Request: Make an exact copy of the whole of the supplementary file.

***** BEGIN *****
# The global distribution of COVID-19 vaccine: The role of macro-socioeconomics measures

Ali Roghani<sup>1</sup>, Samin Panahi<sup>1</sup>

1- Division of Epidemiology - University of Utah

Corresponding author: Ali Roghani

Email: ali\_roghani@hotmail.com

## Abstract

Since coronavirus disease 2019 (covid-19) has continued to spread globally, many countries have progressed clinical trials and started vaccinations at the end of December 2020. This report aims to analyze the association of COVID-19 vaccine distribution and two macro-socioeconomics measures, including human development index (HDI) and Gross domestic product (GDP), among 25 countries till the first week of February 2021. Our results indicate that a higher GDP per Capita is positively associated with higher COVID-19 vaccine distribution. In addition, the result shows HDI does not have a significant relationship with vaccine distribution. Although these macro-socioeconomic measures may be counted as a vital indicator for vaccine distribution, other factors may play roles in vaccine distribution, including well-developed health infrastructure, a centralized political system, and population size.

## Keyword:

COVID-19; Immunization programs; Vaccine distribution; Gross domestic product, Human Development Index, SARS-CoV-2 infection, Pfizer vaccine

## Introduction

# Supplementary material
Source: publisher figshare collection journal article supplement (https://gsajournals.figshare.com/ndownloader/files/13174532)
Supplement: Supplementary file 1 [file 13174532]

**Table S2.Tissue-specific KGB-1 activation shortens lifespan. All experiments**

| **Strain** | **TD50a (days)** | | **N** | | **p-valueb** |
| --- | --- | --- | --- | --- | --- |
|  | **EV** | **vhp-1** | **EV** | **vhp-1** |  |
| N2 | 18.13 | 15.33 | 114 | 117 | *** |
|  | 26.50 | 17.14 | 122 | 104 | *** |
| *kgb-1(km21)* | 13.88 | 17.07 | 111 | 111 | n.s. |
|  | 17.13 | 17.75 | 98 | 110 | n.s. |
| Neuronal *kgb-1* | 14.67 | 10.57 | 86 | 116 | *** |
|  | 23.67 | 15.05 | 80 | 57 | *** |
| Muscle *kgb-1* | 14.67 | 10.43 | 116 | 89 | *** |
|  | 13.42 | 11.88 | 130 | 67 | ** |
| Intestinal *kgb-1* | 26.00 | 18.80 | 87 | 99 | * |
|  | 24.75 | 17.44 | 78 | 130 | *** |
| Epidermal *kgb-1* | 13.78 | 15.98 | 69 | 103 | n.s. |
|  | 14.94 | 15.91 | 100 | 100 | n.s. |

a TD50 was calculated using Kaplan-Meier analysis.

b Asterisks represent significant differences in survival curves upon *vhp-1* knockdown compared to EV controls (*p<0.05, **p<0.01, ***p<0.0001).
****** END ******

# The global distribution of COVID-19 vaccine: The role of macro-socioeconomics measures

Ali Roghani<sup>1</sup>, Samin Panahi<sup>1</sup>

1- Division of Epidemiology - University of Utah

Corresponding author: Ali Roghani

Email: ali\_roghani@hotmail.com

## Abstract

Since coronavirus disease 2019 (covid-19) has continued to spread globally, many countries have progressed clinical trials and started vaccinations at the end of December 2020. This report aims to analyze the association of COVID-19 vaccine distribution and two macro-socioeconomics measures, including human development index (HDI) and Gross domestic product (GDP), among 25 countries till the first week of February 2021. Our results indicate that a higher GDP per Capita is positively associated with higher COVID-19 vaccine distribution. In addition, the result shows HDI does not have a significant relationship with vaccine distribution. Although these macro-socioeconomic measures may be counted as a vital indicator for vaccine distribution, other factors may play roles in vaccine distribution, including well-developed health infrastructure, a centralized political system, and population size.

## Keyword:

COVID-19; Immunization programs; Vaccine distribution; Gross domestic product, Human Development Index, SARS-CoV-2 infection, Pfizer vaccine

## Introduction

# Supplementary material
Source: publisher figshare collection journal article supplement (https://gsajournals.figshare.com/ndownloader/files/13174532)
Supplement: Supplementary file 1 [file 13174532]

**Table S2.Tissue-specific KGB-1 activation shortens lifespan. All experiments**

| **Strain** | **TD50a (days)** | | **N** | | **p-valueb** |
| --- | --- | --- | --- | --- | --- |
|  | **EV** | **vhp-1** | **EV** | **vhp-1** |  |
| N2 | 18.13 | 15.33 | 114 | 117 | *** |
|  | 26.50 | 17.14 | 122 | 104 | *** |
| *kgb-1(km21)* | 13.88 | 17.07 | 111 | 111 | n.s. |
|  | 17.13 | 17.75 | 98 | 110 | n.s. |
| Neuronal *kgb-1* | 14.67 | 10.57 | 86 | 116 | *** |
|  | 23.67 | 15.05 | 80 | 57 | *** |
| Muscle *kgb-1* | 14.67 | 10.43 | 116 | 89 | *** |
|  | 13.42 | 11.88 | 130 | 67 | ** |
| Intestinal *kgb-1* | 26.00 | 18.80 | 87 | 99 | * |
|  | 24.75 | 17.44 | 78 | 130 | *** |
| Epidermal *kgb-1* | 13.78 | 15.98 | 69 | 103 | n.s. |
|  | 14.94 | 15.91 | 100 | 100 | n.s. |

a TD50 was calculated using Kaplan-Meier analysis.

b Asterisks represent significant differences in survival curves upon *vhp-1* knockdown compared to EV controls (*p<0.05, **p<0.01, ***p<0.0001).